218. Editorial Note

President’s Assistant for National Security Affairs Kissinger analyzed recent Soviet behavior, including indications of Soviet views toward SALT, in a December 22, 1971, memorandum to President Nixon: “There has been no abrupt change in the negotiations, but the tone seems to be degenerating somewhat. The Soviets persist in putting forward their proposals in the most one-sided fashion, in terms they can be virtually certain we will resist. Moreover, they make claims about the status of their forces (i.e., that we both have approximately the same number of ICBMs) that we know to be wildly inaccurate. Most important, one suspects that the Soviets may have made a decision to proceed with the expansion of their ABMs, and want to codify this in SALT under the guise of insisting on equality (this too could be another Soviet bargaining ploy).” (National Archives, Nixon Presidential Materials, NSC Files, Box 717, Country Files, Europe, USSR, Vol. XVII, Nov–31 Dec 1971) The memorandum is printed in full in Foreign Relations, 1969–1976, volume XIV, Soviet Union, October 1971–May 1972, Document 33.

On December 23 the Verification Panel met to hear a report by Gerard Smith, Chief of the U.S. Delegation to SALT, on the recessed round of negotiations in Vienna. Smith’s report listed seven unresolved issues: “1) inclusion of SLs in the freeze; 2) specifics re freeze definitions, mobiles, soft; 3)ABM levels; 4) the ABM/radar/MARC concept; 5) OLPAR constraints; 6) what constraints should be placed on futures; 7) nature and specifics of the duration/withdrawal provisions of the two agreements and the form of the ABM agreement.” (National Archives, Nixon Presidential Materials, NSC Files, NSC Institutional Files (H-Files), Box H–010, Verification Panel Meeting SALT 12/23/71)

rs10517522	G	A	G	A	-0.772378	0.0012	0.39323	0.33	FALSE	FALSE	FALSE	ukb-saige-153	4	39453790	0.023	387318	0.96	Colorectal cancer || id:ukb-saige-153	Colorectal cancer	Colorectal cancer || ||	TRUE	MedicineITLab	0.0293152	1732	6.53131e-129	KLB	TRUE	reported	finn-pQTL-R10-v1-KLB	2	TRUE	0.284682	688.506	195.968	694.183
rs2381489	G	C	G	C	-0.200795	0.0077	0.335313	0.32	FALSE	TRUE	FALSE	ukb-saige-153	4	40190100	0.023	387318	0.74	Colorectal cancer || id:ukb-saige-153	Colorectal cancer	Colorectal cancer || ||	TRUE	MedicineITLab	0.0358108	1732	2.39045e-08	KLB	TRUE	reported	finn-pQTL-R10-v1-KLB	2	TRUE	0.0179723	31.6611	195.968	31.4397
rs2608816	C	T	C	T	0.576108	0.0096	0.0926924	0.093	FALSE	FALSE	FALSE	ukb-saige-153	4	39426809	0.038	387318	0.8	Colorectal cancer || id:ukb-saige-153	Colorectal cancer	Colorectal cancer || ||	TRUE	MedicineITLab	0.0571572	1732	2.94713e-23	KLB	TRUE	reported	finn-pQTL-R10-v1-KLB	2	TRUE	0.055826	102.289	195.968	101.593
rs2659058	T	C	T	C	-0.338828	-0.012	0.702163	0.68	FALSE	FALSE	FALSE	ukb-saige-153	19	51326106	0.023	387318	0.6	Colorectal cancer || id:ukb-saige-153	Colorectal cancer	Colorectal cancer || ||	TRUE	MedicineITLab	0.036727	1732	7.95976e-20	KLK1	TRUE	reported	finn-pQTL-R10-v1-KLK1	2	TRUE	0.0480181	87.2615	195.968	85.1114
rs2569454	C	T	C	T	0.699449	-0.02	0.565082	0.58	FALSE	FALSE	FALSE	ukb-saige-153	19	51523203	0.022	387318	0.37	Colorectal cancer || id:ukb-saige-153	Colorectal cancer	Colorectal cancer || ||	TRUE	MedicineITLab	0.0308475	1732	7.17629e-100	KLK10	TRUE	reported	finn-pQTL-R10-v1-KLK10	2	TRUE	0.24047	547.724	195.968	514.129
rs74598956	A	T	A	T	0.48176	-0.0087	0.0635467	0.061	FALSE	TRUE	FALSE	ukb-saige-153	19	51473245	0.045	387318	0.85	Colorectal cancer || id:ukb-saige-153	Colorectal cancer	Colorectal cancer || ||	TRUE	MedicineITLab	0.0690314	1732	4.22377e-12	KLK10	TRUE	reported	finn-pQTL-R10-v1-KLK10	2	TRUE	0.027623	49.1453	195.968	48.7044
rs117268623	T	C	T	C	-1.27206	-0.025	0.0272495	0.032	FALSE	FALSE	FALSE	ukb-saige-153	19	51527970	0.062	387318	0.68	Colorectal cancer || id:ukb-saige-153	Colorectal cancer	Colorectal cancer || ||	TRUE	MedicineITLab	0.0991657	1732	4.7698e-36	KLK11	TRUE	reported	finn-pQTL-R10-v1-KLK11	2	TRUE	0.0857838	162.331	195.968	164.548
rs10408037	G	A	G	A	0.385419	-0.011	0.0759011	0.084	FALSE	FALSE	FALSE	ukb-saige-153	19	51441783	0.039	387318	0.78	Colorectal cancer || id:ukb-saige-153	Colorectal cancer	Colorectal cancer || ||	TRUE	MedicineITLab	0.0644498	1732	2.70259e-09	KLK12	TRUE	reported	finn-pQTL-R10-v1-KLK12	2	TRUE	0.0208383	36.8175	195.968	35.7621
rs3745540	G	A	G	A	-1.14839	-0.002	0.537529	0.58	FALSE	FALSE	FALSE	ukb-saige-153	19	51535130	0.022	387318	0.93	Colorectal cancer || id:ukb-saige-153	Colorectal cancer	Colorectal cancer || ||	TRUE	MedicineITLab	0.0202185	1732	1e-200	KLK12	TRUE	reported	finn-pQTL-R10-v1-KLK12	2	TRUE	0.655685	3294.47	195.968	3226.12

According to the meeting minutes’ summary of conclusions, the Panel agreed to the following: “Dr. Kissinger will seek from the President some interim guidance for the Delegation prior to its return to the talks on January 2. This will include, at a minimum, a decision whether the ABM agreement should be a treaty and the modification of our position on SLBMs to permit the replacement of old SLBMs with new models. The Working Group will prepare a paper examining the options available over the longer term. It will consider modifications of our ABM position, whether the inclusion of SLBMs should be a make-or-break proposition with regard to the agreement as a whole, and the duration and withdrawal provisions of both proposed agreements.” (Ibid., Box H–107, Verification Panel Minutes Originals 1969–3/8/72)